2001 Masters Tournament
A historical companion to the Masters Tournament
The first of the Professional Golf Association Tour's four major tournaments held annually (U.S. Open, British Open, and PGA Championship are the others), the Masters Tournament brings together the world's best golfers, making it the golf equivalent of baseball's All-Star Game and opening day wrapped into one.
Editor's Note: The 2001 masters was held April 5-8. Winning an unprecedented fourth consecutive professional major title, Tiger Woods captured the 2001 Masters Tournament with a 16-under-par total 272. This article was written before the tournament, and is retained for histoorical reference.
This year's 65th edition of the Masters Tournament could be historic. The incomparable Tiger Woods finished fifth in last year's Masters Tournament but bounced back to win the final three major tournaments in 2000. He is favored to win this year's Masters and in doing so could become the first golfer to be reigning champion of all four majors simultaneously.
Woods, 25, already owns one Masters Tournament title. He won the 1997 Masters Tournament in record-setting fashion, tying or breaking 26 tournament records.
Ben Hogan is the only other golfer to win three majors in one year (1953). And the only golfer to win four in a calendar year was Bobby Jones, who in 1930 won the U.S. and British Open as well as the U.S. Amateur and British Amateur tournaments, which have since lost their "major" status.
Jones retired from golf that year and at 28 had already established himself as one of the sport's greatest players. He next project was to create the tournament that would become the Masters.
Augusta National Golf Club in Augusta, Ga. has hosted every Masters Tournament. The course was built on a 365-acre plot of land that was a late 19th century commercial plant nursery, specializing in imported plants and trees. The course was designed by Jones and a Scottish doctor named Alister Mackenzie. The design borrows heavily from the old courses in his native Scotland and still incorporates many of the nursery's prized flora.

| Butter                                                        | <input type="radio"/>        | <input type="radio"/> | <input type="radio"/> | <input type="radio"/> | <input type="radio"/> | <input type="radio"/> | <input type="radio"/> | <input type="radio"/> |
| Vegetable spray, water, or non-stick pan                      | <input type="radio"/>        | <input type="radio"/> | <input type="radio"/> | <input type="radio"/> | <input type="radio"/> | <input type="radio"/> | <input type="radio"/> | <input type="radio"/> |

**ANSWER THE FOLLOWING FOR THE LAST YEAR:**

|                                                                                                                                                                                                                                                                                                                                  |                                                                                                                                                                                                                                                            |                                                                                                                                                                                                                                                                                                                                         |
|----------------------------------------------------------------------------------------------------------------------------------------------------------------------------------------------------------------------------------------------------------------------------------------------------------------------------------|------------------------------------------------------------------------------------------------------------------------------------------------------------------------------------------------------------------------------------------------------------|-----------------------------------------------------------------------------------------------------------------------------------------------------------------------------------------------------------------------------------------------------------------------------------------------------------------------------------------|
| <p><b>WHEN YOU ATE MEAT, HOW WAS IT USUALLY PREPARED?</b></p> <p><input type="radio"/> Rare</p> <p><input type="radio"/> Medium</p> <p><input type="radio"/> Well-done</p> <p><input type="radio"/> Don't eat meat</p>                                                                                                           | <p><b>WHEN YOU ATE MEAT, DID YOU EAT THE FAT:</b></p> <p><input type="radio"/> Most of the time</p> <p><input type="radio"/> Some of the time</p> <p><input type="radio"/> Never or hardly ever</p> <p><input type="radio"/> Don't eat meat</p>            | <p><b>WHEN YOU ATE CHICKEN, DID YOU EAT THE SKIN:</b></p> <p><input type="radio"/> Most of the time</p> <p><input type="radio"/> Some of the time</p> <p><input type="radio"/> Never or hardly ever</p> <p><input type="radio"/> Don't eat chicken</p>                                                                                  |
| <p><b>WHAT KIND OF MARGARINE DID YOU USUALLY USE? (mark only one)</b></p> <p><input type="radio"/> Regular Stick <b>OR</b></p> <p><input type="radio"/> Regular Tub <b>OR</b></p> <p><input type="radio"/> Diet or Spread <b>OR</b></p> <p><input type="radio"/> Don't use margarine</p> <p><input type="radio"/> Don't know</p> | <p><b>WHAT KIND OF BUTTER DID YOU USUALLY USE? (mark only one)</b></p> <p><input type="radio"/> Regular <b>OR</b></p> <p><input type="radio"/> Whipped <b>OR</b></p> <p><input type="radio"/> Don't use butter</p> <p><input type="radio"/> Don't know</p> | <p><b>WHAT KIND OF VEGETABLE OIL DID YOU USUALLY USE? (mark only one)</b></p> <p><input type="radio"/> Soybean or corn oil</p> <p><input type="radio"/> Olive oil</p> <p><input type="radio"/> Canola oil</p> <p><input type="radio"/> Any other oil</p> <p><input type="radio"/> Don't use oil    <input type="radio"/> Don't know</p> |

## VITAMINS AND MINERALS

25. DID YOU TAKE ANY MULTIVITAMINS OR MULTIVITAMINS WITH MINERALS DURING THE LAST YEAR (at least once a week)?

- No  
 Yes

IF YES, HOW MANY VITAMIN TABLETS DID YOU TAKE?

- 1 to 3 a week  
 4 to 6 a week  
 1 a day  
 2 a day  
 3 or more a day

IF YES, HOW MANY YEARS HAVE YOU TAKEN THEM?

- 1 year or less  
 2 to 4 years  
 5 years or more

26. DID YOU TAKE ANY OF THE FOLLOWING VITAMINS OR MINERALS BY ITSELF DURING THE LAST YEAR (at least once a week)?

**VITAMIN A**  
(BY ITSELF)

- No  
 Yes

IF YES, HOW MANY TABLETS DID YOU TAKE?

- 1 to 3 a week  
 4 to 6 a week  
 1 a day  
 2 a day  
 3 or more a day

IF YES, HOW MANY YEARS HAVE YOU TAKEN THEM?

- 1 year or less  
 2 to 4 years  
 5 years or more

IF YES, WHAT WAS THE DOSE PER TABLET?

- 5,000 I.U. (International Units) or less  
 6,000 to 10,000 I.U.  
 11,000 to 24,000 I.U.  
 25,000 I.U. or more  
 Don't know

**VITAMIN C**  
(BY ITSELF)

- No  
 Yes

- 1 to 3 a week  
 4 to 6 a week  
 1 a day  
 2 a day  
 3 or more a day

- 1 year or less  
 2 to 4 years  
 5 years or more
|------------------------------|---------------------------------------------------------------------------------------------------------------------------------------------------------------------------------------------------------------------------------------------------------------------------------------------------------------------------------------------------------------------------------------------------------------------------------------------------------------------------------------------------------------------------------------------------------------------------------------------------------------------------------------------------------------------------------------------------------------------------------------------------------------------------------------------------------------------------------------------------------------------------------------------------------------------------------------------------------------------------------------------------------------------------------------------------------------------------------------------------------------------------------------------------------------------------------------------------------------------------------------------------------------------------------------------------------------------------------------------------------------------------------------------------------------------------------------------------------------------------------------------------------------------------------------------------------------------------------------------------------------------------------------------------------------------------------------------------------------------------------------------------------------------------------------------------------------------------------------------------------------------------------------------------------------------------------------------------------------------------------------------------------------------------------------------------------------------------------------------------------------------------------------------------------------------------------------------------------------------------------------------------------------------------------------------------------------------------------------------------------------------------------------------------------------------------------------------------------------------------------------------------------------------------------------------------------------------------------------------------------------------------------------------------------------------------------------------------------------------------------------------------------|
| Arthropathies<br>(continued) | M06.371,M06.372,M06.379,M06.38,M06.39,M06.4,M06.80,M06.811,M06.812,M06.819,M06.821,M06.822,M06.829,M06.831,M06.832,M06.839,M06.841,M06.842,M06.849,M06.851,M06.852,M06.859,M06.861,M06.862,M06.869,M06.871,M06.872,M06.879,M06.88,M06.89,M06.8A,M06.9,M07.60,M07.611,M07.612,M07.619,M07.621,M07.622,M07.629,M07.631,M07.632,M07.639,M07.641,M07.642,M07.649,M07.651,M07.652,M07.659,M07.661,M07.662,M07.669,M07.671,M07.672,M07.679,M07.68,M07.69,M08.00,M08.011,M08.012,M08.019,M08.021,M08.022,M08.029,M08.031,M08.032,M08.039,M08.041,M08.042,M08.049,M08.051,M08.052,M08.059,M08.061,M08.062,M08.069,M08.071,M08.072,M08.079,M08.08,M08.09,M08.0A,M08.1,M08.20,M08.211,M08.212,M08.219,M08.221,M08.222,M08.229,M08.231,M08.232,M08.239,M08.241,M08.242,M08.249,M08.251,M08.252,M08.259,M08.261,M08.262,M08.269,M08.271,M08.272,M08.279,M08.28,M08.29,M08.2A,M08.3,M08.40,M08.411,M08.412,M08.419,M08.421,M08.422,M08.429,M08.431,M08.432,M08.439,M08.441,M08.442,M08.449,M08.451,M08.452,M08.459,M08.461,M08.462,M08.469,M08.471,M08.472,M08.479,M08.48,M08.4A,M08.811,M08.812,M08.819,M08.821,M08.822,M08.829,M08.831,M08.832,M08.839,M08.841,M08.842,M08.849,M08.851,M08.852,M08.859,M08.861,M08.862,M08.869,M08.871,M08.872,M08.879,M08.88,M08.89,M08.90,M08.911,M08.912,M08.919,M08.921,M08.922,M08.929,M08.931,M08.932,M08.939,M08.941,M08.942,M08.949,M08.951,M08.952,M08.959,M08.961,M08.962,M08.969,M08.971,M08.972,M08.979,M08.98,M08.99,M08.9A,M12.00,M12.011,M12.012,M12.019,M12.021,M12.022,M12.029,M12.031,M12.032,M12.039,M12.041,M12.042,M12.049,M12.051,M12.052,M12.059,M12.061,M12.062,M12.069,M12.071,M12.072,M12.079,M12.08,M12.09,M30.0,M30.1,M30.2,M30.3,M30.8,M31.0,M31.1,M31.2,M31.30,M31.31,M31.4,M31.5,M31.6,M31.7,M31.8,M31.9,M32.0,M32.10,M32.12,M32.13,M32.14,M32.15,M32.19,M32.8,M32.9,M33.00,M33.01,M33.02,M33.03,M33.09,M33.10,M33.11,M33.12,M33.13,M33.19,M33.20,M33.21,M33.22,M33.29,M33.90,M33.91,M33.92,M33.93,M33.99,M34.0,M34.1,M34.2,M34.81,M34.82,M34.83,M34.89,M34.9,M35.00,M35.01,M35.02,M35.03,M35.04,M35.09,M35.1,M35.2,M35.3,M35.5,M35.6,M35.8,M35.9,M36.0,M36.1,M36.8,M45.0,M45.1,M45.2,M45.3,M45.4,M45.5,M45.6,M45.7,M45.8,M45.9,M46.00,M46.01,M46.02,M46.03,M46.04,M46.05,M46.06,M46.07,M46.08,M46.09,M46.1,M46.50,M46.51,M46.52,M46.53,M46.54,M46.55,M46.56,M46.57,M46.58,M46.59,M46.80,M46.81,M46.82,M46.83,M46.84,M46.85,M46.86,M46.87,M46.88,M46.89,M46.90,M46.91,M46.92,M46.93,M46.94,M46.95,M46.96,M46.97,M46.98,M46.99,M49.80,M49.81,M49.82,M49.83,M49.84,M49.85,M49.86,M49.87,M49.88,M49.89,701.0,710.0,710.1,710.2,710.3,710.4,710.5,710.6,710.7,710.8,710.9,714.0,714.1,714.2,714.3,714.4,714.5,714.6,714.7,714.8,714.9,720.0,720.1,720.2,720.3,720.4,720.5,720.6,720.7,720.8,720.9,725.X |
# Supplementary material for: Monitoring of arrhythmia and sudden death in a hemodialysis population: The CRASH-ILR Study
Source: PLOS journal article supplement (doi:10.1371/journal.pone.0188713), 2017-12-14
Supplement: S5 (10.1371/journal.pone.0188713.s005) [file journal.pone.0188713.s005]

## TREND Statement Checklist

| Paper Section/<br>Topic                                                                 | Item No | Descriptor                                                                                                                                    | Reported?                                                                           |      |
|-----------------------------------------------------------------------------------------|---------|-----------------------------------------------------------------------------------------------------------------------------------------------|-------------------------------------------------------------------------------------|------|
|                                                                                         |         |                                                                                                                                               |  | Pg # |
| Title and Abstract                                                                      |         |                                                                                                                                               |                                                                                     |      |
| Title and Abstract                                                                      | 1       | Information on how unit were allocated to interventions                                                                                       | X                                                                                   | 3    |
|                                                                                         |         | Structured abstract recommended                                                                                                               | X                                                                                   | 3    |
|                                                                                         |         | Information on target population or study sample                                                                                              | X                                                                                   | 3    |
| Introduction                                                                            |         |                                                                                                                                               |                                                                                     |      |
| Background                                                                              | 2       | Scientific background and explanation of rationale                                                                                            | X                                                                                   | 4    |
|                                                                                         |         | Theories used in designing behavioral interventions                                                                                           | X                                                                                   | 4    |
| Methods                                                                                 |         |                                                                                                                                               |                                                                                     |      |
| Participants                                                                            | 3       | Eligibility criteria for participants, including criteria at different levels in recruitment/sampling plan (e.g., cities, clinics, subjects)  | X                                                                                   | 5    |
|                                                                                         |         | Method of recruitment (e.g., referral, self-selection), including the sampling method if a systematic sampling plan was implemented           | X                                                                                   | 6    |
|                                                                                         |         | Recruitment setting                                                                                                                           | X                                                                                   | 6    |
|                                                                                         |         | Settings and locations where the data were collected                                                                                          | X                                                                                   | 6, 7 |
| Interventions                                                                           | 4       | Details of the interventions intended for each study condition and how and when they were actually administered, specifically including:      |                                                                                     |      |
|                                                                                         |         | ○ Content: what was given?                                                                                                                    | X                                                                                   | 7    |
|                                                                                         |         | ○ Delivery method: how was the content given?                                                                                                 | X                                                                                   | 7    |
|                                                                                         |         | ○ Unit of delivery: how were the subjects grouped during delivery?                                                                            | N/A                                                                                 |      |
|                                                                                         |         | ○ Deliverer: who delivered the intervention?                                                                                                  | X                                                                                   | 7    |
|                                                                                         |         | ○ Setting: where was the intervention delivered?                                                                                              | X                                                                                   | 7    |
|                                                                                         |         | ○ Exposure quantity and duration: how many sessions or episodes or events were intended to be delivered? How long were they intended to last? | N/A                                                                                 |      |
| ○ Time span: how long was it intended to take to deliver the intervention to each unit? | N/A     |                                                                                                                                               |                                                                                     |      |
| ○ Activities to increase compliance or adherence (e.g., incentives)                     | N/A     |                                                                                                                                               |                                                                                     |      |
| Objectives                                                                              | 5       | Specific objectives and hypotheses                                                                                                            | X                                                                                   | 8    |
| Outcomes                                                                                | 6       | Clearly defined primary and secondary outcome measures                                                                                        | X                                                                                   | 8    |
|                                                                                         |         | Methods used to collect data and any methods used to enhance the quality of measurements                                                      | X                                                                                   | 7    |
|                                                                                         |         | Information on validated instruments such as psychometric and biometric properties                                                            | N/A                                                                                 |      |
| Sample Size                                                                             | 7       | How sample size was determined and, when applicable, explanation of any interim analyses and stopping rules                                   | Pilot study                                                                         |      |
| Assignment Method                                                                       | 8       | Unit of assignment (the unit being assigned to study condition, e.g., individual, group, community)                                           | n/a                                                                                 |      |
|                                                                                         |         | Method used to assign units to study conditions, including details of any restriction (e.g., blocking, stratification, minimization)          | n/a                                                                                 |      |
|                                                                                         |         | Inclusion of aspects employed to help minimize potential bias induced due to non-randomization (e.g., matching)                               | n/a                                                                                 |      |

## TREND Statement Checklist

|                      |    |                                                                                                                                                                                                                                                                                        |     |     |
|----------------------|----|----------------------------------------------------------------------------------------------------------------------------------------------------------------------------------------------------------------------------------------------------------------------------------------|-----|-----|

Course co-designer Jones and Clifford Roberts, a New York investment banker, founded the club and created the Masters Tournament in 1934. They envisioned a place and event that would gather the great golfers of the day. Originally called the Augusta National Invitation Tournament, Jones agreed to change the name of the tournament to "the Masters" in 1939—a name he originally thought was too presumptuous. Today there are 17 specific requirements golfers must meet to earn an invitation to the Masters.
Augusta National Landmarks and Flora Facts
Amen Corner—Nickname given to holes 11, 12, and 13 by Sports Illustrated writer Herbert Warren Wind. Wind used the nickname to describe Arnold Palmer's clutch performance during that stretch of holes en route to winning the 1958 tournament. It was borrowed from a jazz recording called "Shouting at Amen Corner."
Green Jackets—Club members were encouraged to wear green blazers starting in 1937 so that patrons would know to whom they should ask questions. The winner of each Masters tournament, starting with Sam Snead in 1949, has been awarded one of these single-breasted green jackets. Traditionally, the reigning champion owns the jacket for one year and then returns it to the club where it is stored and is made available whenever the champion visits.
Hole Names—From the Asian Tea Olive at the 1st hole to the American Holly at the 18th, each of the course's 18 holes is named after a specific plant, flower, or tree found on the club's grounds.
Magnolia Lane—This 250-yard-long path from the entrance gate to the clubhouse is lined with 61 giant Magnolia trees planted a decade before the Civil War.
Eisenhower Tree—A frequent hacker and club member since 1948, former President Dwight Eisenhower hit this 65-foot-high loblolly pine on the 17th hole so often that in 1956 he proposed it be cut down. His attempts were thwarted by the club's governing board, but the tree has been associated with him ever since.